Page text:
The roughly 5,800 Amazon employees in Alabama could change the course of union rights in America.
Yesterday ended a landmark vote to decide on the creation of the US tech group’s first consortium, a milestone in itself that caught President Joe Biden’s attention. In a video clip published at the end of last week without explicitly mentioning the company, he encouraged workers to participate in the vote, supported their right to organize, and indicated that “the company should not intimidate or threaten unions.” All this is a direct reference to the multinational company founded by Jeff Bezos, who, through a website and letters in the warehouses, tried to stop consulting by warning workers that joining costs could cut their money to cover school expenses.
The company warned workers about union expenses
The results of the vote – which began seven weeks ago by mail due to restrictions on the pandemic – will be announced in the coming days. If the majority chose yes, trade unionism would score one of the greatest wins of recent times, not just through penetration. Big technology (Where there is hardly any organizational culture), but with the entry of the second largest employer in the United States (the first being Walmart). This phenomenon could extend to 800 factories in the country, which employ half a million employees, just less than half of the global workforce. On the other hand, if the majority chooses not – it appears to have been adjusted according to information from various agencies – the vote will show that something is changing among the employees of the new economy.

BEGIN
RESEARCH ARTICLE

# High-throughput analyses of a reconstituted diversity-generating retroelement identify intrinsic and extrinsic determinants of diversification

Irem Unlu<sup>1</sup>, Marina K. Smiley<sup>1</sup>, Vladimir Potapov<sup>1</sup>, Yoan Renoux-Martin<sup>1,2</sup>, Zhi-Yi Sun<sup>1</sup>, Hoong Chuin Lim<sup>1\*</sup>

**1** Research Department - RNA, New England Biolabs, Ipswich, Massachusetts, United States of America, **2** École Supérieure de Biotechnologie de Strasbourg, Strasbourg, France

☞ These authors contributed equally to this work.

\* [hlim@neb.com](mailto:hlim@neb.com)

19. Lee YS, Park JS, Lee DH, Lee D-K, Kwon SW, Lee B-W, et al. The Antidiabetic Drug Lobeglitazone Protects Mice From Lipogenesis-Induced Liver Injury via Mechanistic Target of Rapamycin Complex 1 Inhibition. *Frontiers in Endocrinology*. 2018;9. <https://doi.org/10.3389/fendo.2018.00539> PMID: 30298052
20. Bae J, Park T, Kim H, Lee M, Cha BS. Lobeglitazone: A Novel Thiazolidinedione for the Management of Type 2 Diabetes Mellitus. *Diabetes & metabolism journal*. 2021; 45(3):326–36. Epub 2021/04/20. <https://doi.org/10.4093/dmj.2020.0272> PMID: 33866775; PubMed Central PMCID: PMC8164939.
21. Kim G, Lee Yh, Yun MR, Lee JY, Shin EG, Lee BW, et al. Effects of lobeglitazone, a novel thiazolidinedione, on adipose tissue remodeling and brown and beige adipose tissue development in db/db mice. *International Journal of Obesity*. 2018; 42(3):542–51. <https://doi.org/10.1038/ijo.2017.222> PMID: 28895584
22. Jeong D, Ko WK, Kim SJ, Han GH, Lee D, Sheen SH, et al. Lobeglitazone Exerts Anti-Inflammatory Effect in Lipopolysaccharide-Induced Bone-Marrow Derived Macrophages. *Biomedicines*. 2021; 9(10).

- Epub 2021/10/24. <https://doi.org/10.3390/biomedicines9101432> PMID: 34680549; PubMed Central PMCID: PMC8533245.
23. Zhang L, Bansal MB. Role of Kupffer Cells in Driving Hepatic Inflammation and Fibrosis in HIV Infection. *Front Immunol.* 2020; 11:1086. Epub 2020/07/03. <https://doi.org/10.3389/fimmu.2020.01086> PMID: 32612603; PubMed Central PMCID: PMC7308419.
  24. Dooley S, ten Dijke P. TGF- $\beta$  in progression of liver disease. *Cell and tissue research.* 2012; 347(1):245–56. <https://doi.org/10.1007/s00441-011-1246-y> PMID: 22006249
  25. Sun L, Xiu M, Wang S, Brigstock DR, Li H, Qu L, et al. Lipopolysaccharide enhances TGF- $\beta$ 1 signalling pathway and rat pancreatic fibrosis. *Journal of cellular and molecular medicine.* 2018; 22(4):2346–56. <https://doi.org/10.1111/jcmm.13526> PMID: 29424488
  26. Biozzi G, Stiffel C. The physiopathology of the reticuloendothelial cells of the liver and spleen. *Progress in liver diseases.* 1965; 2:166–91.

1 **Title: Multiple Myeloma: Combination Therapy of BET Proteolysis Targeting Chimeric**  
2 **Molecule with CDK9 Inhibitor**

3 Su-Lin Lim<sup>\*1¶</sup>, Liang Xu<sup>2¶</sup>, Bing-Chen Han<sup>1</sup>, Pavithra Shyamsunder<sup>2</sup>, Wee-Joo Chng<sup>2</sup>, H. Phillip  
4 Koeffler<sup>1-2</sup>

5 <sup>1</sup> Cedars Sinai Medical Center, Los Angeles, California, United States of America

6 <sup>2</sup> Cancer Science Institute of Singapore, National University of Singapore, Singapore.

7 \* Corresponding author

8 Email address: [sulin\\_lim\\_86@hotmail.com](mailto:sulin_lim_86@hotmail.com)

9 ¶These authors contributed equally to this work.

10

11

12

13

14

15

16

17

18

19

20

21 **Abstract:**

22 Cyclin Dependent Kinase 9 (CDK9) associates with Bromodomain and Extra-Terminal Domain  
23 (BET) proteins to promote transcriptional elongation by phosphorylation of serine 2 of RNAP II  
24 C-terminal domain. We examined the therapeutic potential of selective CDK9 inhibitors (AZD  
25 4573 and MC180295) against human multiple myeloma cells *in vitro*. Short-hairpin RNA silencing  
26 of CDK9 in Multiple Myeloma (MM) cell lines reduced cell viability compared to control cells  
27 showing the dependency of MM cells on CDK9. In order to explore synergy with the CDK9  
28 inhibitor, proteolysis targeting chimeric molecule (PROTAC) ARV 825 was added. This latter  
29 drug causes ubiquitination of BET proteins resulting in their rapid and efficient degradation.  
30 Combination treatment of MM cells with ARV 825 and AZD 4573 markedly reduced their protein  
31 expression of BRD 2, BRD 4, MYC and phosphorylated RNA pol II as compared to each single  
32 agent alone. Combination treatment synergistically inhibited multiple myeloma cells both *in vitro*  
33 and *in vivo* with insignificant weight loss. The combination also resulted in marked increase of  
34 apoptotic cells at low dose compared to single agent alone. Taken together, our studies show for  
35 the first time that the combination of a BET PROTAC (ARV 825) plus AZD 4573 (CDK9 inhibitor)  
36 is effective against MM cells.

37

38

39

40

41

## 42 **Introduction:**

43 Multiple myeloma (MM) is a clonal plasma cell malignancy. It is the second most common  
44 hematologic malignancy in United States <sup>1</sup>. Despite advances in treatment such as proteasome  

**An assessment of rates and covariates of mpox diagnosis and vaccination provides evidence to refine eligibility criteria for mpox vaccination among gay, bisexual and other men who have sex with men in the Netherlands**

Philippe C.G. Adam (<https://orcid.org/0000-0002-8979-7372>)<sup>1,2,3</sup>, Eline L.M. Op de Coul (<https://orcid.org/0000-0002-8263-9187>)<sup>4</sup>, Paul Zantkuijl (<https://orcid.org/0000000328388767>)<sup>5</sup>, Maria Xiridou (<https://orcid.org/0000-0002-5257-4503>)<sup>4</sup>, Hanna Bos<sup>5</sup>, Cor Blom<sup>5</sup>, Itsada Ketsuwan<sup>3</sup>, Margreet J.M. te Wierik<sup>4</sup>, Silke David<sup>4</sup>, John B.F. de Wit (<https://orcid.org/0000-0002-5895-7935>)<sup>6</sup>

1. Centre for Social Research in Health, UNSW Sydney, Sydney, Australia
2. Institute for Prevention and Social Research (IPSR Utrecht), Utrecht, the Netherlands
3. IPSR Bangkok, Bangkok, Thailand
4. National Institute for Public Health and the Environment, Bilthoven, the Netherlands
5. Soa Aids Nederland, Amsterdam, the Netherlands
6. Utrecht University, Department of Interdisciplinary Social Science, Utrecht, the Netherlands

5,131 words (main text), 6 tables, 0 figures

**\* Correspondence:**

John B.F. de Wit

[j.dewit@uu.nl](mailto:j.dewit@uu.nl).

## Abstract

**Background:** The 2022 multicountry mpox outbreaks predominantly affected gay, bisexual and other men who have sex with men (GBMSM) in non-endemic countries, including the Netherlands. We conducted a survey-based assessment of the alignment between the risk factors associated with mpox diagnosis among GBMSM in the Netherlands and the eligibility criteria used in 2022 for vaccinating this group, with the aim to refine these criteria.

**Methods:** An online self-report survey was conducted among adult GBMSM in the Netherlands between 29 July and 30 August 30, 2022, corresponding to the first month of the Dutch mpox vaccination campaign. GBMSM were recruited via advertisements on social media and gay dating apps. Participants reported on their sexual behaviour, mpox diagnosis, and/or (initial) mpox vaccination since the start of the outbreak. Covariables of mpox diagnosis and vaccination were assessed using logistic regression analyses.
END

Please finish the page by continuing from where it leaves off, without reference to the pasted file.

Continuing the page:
Since the outbreak of the epidemic, there have been complaints about job insecurity for warehouse workers. In many cases, they denounced the lack of anti-virus protection materials (ten Amazon employees died from the virus).
In a video
President Joe Biden has spoken out in favor of union rights
Workers at the Bessimer plant, south of Birmingham, Alabama, a decades-old low mining area, were the first to collectively denounce the unrest. The reason was not the salary of € 15 an hour (the minimum in Alabama is € 7) but because of the marathon hours: 10 hours of standing, loading and unloading, with only two 30-minute breaks and without permission to go to the bathroom between meals. In September, just a few months after the plant went into operation, black workers (who make up the majority) applied for support to the Retail, Wholesale and Store Association (RWDSU), a federation with a presence in the commerce sector. In December, promoters managed to collect 2,000 signatures to organize the consultation, and in February, voting began. Joshua Breuer, RWDSU’s local leader, celebrated this historic day by announcing to Agence France-Presse: “Amazon’s biggest fear has already been fulfilled: Around 3,000 workers said they don’t want to work in these conditions.”
These days, Hollywood actors and players from the National Football League have come to demonstrate. The Black Paper Movement has also raised its issue of support, as has Democratic leader Bernie Sanders, who this weekend traveled to the Alabama plant. Whatever the outcome, the Bessemer vote made history.